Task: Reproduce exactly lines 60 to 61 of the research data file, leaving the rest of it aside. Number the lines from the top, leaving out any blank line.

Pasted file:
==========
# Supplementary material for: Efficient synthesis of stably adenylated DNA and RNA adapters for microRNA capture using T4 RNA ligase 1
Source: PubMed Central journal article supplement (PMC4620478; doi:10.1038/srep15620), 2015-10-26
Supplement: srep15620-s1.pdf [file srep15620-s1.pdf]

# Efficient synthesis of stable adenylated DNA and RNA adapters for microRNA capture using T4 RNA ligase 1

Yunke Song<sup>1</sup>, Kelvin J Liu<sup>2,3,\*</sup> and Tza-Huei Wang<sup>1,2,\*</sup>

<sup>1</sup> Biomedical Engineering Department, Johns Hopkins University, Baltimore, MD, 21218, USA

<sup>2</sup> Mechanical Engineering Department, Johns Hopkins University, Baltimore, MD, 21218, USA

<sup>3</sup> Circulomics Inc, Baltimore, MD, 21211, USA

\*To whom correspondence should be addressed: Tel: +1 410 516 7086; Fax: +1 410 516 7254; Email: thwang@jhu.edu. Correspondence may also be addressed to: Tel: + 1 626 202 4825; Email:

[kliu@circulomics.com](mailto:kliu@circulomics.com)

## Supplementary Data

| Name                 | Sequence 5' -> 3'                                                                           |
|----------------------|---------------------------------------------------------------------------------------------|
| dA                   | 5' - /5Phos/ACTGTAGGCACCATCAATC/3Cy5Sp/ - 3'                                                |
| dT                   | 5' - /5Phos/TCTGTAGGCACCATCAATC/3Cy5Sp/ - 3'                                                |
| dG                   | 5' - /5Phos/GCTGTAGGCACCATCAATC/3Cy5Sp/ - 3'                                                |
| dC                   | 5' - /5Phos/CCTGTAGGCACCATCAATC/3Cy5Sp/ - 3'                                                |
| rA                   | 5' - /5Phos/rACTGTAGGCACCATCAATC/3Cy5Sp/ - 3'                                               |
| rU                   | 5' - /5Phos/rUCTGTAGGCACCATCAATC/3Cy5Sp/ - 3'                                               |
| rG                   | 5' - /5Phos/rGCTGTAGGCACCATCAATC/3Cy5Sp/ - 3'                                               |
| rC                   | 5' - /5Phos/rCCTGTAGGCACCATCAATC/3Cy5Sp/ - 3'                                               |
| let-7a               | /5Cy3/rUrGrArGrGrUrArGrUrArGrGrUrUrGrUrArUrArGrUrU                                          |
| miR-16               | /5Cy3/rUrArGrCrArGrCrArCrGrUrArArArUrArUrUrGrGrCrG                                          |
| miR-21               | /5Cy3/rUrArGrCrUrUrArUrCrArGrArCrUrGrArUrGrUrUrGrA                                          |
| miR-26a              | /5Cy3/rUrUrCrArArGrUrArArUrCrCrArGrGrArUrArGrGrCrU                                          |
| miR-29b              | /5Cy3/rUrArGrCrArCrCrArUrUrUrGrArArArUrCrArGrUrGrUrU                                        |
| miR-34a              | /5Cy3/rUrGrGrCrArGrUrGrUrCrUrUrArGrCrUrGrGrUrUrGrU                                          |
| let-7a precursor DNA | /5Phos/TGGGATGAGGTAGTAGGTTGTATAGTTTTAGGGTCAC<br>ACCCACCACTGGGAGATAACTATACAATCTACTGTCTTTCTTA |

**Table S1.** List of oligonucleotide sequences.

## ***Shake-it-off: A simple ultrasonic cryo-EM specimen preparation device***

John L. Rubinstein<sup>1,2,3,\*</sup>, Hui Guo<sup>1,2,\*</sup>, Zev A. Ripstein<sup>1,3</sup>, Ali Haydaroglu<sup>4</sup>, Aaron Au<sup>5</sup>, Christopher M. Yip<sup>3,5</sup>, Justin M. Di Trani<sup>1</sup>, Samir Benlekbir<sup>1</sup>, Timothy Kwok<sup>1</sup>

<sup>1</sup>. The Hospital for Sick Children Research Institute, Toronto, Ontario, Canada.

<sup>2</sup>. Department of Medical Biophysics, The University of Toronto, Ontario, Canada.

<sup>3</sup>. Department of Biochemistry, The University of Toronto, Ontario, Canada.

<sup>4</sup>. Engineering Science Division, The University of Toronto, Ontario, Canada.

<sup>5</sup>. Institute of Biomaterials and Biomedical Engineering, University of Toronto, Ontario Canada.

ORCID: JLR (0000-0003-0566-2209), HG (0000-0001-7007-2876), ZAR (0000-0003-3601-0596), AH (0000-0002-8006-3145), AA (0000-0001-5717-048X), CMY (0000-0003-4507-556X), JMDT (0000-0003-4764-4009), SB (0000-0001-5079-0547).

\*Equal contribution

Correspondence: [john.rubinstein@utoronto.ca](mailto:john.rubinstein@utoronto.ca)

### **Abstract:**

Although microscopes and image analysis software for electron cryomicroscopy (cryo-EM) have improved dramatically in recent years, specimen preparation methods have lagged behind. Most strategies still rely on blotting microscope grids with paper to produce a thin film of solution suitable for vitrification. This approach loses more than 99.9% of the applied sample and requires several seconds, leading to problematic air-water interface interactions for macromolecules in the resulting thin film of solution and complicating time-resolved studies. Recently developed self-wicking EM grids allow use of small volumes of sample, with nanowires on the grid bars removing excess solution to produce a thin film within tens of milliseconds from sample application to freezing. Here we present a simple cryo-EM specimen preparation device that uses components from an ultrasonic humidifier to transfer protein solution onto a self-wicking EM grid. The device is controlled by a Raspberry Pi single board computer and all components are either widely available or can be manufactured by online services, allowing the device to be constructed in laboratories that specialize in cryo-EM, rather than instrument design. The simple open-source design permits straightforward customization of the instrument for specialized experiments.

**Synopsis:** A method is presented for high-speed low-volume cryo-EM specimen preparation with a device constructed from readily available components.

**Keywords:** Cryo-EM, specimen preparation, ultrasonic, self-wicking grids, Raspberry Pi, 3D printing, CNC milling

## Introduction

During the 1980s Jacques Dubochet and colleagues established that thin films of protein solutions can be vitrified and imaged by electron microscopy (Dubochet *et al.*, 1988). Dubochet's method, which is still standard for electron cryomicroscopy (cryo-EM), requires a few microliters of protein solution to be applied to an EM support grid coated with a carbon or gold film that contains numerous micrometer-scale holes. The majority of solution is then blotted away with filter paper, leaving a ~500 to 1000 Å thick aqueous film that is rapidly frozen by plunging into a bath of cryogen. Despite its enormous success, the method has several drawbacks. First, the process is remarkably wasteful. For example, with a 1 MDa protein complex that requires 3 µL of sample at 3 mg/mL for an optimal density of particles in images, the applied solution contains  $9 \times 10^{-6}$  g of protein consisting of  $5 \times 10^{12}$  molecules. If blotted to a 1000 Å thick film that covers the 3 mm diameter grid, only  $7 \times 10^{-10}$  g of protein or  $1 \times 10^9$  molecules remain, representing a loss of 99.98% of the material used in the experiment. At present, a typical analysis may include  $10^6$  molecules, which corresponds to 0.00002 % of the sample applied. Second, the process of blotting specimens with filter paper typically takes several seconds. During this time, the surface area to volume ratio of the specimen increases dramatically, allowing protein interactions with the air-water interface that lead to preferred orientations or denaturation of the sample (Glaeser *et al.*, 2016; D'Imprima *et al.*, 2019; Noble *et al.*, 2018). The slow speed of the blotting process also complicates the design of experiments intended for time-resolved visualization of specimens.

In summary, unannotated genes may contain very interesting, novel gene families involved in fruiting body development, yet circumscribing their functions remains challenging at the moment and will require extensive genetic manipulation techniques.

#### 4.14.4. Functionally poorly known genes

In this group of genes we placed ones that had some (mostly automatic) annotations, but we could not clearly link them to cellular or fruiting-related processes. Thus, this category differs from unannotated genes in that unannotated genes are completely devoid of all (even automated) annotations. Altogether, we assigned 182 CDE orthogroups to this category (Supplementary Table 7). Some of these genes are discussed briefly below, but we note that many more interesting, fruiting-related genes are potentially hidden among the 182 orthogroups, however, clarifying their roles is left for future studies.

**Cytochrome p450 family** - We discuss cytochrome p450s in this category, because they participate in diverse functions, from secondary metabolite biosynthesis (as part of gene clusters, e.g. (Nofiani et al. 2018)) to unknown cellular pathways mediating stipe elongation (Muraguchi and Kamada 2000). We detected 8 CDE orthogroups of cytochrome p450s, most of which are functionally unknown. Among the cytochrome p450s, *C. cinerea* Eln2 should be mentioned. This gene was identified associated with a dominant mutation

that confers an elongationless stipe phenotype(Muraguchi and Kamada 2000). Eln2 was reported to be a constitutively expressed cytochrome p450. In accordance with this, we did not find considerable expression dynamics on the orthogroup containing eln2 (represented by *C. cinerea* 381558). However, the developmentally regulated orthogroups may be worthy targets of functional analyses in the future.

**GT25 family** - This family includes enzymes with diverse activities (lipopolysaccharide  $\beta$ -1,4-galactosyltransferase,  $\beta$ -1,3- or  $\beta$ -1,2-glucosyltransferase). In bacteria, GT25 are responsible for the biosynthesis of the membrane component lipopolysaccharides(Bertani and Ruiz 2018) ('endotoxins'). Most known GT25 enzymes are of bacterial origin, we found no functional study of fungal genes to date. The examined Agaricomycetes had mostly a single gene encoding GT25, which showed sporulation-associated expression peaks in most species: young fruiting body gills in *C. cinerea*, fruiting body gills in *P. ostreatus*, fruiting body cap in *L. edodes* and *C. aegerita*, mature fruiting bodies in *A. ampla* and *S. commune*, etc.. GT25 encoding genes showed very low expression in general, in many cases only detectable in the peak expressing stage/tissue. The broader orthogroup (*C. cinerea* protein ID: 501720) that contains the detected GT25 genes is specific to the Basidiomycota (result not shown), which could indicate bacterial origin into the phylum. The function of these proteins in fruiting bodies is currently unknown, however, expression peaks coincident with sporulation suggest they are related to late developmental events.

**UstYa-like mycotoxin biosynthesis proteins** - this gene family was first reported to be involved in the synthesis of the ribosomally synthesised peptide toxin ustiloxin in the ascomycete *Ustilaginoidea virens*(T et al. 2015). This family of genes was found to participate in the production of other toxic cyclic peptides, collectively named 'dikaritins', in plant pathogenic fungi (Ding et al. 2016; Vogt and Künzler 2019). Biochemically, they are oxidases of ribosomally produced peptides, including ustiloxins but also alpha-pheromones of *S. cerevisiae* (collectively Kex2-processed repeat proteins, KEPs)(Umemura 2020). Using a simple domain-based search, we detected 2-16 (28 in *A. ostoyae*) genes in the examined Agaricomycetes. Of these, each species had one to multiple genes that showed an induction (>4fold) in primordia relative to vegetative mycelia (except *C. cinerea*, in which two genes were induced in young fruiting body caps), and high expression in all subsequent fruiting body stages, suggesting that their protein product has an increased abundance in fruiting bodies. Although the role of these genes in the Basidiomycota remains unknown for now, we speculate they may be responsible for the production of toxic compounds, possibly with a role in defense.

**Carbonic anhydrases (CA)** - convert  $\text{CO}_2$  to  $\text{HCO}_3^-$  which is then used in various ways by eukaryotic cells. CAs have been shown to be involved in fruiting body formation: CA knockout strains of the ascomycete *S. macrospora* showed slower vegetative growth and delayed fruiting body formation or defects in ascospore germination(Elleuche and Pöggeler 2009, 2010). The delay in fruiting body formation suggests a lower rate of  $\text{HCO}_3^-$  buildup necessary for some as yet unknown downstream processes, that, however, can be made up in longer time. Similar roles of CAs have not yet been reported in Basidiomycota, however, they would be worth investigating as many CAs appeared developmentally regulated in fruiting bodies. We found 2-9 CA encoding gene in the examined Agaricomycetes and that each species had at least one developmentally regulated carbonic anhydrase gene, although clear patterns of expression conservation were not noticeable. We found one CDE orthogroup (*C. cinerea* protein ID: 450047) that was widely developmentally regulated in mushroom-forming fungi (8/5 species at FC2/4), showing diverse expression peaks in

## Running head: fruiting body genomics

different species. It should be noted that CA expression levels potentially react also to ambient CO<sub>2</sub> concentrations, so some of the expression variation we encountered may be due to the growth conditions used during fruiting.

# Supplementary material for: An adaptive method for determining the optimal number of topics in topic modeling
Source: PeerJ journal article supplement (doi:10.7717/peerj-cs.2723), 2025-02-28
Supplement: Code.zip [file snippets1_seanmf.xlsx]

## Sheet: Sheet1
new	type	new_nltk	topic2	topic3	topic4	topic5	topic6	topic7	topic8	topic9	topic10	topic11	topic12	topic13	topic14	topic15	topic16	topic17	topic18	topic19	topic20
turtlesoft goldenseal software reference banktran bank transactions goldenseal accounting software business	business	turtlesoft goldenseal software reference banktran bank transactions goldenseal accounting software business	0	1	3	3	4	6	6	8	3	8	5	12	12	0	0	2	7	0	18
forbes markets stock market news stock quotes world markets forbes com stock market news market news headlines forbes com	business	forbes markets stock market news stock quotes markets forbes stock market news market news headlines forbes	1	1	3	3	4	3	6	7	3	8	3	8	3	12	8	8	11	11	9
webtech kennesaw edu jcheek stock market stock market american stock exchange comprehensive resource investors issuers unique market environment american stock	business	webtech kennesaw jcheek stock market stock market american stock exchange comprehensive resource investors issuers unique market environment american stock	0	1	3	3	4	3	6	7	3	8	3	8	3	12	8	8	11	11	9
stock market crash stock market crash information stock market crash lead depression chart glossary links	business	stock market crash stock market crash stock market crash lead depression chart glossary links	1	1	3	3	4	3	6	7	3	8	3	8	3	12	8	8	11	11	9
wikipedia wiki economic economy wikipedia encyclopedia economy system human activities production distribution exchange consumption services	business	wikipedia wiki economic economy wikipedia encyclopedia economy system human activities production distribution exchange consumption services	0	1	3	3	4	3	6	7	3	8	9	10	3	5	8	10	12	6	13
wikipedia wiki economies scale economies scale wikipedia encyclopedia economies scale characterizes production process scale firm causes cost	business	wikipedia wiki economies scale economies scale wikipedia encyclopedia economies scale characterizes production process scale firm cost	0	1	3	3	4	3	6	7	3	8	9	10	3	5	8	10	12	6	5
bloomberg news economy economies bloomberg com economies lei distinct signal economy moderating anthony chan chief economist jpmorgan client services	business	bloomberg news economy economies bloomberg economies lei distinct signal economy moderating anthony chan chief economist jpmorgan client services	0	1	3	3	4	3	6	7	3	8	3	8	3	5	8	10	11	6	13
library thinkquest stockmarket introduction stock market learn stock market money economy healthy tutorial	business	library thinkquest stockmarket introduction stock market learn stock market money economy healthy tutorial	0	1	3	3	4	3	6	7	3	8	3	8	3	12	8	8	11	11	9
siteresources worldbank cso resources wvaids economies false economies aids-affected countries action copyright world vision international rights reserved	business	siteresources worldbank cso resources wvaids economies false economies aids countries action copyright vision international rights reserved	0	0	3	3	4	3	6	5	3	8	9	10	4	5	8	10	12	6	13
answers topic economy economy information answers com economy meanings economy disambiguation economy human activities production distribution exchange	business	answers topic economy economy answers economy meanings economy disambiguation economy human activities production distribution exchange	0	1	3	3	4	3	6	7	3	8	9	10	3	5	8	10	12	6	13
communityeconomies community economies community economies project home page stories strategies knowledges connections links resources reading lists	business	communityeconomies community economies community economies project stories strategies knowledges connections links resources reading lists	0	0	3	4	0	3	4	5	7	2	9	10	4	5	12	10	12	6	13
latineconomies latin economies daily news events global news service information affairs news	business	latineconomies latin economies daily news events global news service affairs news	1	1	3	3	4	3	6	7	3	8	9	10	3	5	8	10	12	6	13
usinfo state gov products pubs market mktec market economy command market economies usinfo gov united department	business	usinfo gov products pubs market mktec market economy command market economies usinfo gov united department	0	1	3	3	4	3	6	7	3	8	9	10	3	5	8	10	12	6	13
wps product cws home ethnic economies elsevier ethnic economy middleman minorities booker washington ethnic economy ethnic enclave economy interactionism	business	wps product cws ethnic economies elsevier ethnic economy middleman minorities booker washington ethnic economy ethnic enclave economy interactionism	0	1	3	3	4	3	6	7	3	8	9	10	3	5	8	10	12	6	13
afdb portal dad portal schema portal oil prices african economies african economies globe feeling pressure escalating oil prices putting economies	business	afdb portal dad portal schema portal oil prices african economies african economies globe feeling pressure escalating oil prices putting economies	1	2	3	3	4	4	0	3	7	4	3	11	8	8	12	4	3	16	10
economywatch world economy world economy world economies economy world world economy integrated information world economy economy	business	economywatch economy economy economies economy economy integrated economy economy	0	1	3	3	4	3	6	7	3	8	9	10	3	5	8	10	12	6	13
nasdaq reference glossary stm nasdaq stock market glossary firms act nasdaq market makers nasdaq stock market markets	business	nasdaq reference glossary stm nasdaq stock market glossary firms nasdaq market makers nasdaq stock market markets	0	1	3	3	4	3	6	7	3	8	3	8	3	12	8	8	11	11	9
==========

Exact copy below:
new	type	new_nltk	topic2	topic3	topic4	topic5	topic6	topic7	topic8	topic9	topic10	topic11	topic12	topic13	topic14	topic15	topic16	topic17	topic18	topic19	topic20
turtlesoft goldenseal software reference banktran bank transactions goldenseal accounting software business	business	turtlesoft goldenseal software reference banktran bank transactions goldenseal accounting software business	0	1	3	3	4	6	6	8	3	8	5	12	12	0	0	2	7	0	18